Month: March 2014

The network society, power and the print media in post-apartheid South Africa

Although post-apartheid South Africa has witnessed constraints on press freedom by the ruling party, there is limited understanding of how media discourse is contested and constructed by diverse social actors. This article is interested in the extent to which various social actors in the Durban network society, such as civil society, corporations and the state, shape public information and perception in their own interests regarding environmental discourse. Empirical evidence presents viewpoints from key social actors and a local case study. The article compares the urban regional and case study analyses, and highlights the complex relationship between various social actors and the numerous avenues used to shape public information and perception. While corporations causing pollution mainly serve as barriers to civil society using the media effectively to highlight environmental injustices (e.g. through corporate media sponsorships, media intimidation), this is further complicated by limitations within civil society and media outlets to influence media discourse (e.g. limited financial/human resources, individualized leadership, media remuneration issues). Alongside these limitations, and the power of government and corporations, the influence of media discourse and perceptions regarding industrial risks are also dependent upon successful horizontal and vertical networking between civil society actors.

Leonard, L. (2014) The network society, power and the print media in post-apartheid South Africa: the case of media contestation in Durban for environmental justice, Media, Culture and Society, Volume 36(7), 966-981.

Characterising civil society and its challenges in post-apartheid South Africa

Since South Africa’s transition to democracy, civil society has been considered a critical component of new inclusive “democratic” societies, acting to ensure human rights for all. Government and donor agencies require the incorporation of this sector within project documents and programmes. However, is civil society merely a loosely defined term used to satisfy the requirements of project proposals and interests of the state, donors and big business, while not directly addressing the concerns of citizens subjected to macroeconomic risks (e.g. industrial pollution, unemployment and service delivery)? Since the transition, it is mainly established civil society organisations that have become well resourced and who have developed collaborative relationships with the state and industry, which has eroded their accountability to and support from the marginalised communities they claim to serve. Can such organisations then claim to be part of an “authentic” civil society striving for inclusive development? By reviewing contemporary and historical literature on civil society, and through empirical work, this paper argues that there has been a shift in the conception of civil society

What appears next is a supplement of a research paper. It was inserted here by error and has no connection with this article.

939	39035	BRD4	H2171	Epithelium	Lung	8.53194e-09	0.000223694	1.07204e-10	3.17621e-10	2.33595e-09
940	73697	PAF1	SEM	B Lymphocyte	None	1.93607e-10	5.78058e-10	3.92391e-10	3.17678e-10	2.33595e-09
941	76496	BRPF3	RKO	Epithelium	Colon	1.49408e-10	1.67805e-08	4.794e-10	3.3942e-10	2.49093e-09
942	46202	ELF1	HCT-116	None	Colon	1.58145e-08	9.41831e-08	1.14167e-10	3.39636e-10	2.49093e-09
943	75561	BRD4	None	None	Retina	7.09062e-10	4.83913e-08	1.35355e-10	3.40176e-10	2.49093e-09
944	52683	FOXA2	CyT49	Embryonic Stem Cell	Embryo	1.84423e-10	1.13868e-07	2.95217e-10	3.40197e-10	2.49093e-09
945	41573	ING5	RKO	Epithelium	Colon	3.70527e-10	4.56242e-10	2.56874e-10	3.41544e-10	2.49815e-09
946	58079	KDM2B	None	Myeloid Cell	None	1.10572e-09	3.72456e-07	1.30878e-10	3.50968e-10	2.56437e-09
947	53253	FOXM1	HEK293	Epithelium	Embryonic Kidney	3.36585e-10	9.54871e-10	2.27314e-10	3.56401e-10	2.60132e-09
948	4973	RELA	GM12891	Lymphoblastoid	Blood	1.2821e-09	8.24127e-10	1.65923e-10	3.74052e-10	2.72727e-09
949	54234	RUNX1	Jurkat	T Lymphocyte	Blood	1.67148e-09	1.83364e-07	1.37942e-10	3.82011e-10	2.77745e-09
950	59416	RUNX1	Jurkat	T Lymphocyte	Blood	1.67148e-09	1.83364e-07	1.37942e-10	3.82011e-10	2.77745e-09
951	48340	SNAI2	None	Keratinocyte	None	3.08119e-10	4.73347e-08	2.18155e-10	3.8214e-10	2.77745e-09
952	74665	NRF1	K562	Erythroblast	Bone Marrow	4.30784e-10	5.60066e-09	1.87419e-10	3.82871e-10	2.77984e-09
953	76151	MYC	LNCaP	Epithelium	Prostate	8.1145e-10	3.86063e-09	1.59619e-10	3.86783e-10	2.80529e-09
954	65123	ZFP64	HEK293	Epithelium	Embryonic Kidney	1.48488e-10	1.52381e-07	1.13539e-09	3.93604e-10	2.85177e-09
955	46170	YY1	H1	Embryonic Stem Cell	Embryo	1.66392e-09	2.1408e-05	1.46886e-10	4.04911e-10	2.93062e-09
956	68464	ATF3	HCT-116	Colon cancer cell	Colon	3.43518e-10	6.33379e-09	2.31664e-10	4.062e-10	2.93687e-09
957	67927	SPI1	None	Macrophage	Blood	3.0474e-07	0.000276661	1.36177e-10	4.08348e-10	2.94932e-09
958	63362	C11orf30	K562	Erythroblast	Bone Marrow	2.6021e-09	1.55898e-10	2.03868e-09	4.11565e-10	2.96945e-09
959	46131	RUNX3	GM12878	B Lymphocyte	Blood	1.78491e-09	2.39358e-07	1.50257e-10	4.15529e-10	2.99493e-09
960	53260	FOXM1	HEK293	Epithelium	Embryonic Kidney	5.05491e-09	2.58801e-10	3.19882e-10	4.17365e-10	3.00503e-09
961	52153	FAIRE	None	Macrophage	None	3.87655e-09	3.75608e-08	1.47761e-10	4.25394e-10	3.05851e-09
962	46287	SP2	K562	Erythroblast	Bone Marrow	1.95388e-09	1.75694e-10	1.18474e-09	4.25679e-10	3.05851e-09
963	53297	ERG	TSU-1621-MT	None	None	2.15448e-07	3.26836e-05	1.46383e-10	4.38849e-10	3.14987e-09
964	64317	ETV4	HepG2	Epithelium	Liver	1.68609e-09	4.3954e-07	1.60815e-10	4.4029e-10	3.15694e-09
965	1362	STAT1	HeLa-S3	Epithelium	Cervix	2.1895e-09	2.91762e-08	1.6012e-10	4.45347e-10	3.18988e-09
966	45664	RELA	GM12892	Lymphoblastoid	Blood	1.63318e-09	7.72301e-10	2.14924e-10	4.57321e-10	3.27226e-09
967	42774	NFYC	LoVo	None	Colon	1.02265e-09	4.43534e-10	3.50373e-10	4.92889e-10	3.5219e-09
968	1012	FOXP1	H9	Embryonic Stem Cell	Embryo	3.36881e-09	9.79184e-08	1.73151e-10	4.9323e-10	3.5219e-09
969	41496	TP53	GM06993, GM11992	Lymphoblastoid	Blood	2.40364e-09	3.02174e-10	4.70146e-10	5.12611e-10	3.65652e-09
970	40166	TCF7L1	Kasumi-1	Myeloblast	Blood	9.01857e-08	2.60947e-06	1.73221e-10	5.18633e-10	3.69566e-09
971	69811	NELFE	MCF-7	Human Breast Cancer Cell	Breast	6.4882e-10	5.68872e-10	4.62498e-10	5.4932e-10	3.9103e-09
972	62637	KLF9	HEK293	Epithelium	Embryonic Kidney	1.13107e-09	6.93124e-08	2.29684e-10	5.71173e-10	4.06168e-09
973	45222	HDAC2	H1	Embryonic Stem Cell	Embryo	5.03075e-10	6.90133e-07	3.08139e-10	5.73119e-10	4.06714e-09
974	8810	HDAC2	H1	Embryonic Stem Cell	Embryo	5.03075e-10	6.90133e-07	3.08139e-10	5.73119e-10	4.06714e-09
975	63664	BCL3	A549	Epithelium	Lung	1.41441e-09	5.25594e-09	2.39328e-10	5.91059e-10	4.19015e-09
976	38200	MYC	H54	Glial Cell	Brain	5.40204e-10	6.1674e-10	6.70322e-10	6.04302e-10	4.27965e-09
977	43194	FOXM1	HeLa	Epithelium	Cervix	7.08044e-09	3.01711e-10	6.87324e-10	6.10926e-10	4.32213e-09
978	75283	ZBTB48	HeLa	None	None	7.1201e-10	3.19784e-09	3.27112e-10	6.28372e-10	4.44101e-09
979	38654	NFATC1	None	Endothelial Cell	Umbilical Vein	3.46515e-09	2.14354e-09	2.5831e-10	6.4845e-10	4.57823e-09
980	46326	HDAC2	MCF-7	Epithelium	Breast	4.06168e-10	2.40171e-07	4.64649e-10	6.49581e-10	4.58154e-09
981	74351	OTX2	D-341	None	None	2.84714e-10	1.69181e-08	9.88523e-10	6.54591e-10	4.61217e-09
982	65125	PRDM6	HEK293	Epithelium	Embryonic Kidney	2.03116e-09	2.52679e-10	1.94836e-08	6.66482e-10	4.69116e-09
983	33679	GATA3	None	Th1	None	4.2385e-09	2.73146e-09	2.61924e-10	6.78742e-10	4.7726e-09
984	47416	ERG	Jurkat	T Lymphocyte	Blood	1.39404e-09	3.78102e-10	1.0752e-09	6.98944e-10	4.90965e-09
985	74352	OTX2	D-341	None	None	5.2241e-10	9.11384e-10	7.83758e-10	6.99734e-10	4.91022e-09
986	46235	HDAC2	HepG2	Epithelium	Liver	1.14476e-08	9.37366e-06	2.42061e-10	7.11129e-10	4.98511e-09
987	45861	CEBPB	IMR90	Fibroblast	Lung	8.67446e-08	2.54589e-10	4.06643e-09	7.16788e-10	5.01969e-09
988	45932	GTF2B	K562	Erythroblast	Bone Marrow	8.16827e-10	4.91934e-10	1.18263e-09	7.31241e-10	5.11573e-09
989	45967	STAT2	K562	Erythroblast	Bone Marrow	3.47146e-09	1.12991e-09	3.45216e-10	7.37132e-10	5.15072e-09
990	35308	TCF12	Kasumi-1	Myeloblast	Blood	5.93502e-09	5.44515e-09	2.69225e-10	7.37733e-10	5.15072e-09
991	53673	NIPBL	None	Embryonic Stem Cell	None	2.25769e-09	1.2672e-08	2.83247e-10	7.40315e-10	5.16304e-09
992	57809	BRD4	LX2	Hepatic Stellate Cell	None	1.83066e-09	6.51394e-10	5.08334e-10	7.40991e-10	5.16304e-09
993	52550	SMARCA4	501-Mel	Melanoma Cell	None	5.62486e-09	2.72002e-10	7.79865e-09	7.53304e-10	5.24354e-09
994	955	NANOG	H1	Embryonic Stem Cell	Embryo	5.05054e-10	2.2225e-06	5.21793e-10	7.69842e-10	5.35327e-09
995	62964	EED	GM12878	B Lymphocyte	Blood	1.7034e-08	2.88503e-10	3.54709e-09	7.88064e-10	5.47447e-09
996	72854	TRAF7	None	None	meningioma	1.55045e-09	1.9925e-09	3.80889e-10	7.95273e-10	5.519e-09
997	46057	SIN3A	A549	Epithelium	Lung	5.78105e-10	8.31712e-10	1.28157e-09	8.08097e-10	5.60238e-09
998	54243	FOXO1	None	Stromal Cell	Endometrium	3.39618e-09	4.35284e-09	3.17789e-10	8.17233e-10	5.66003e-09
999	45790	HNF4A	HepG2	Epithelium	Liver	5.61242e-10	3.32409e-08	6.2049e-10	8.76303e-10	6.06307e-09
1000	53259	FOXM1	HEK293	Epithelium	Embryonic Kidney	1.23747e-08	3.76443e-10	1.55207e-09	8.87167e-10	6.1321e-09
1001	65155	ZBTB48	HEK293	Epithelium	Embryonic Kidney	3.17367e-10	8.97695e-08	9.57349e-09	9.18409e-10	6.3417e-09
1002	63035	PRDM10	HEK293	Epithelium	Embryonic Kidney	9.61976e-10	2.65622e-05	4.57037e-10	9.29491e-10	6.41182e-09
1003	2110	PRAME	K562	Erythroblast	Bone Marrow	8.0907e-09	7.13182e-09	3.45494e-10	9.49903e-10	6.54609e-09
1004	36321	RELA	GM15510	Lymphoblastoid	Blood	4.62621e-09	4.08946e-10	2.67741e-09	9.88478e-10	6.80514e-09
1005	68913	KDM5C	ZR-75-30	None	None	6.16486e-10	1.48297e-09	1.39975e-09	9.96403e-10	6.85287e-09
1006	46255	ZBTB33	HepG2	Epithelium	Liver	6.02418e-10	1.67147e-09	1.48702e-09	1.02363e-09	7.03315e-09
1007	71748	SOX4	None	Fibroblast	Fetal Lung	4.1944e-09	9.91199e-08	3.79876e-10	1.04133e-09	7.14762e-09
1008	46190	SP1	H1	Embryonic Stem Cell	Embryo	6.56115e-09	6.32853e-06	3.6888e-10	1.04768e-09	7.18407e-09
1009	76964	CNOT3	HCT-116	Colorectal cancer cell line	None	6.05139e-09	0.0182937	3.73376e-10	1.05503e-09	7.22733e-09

since the transition, with established forms of support for the grassroots remaining doubtful. Civil society has not effectively engaged with the grassroots to project their concerns about macroeconomic risks, largely due to integration into government/donor institutions. Fragmentation within the grassroots arena has also limited coherent actions against dominant groups. Although civil society
can support the grassroots to address their concerns through formal activities, for example, by employing legal strategies, there is no guarantee of success. Connections between an “authentic” civil society and coherent grassroots actions engaging in a combination of strategies (formal and informal) will be required to achieve true democracy.

Keywords: civil society; political society; South Africa; NGOs; CBOs; grassroots; social movements

Leonard, L. (2014) Characterising civil society and its challenges in post-apartheid South Africa, Journal of Social Dynamics,

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Participatory democracy against industrial risks

Under Apartheid, marginalised groups had limited power to influence decisions contributing to environmental injustices. Democracy witnessed civil society as ‘inclusive’ to engage in formal decision-making. This paper examines the ability of the state and industry to effectively implement formal participatory decision-making spaces, including the ability of civil society to engage in these spaces. This paper presents viewpoints from stakeholders in Durban to examine engagement amongst civil society, the state and industry for participatory democracy. Investigations reveal that tokenistic participatory processes by provincial/local government and industry during development processes, government use of industrial consultants for decision-making, and fragmentation between some local community groups due to acquisition of industrial funding has not effectively included marginalised citizen’s into participatory processes to inform decisions. Despite a democratic transition, participatory democracy for environmental justice is limited. This paper suggests that government and industry need to engage proactively with civil society before decisions are made on development processes, rather than as an afterthought. It is also suggested that consultants used during development processes be chosen in consensus between civil society, industry and government. Community coherence against industrial risks will also be better achieved if industrial funding was administered through a community fund with an appropriate monitoring system of how funds are used.

Leonard, L. (2014) Participatory democracy against industrial risks: Environmental justice in Durban, South Africa, Politikon: South African Journal of Political Studies, DOI: 10.1080/02589346.2014.905263

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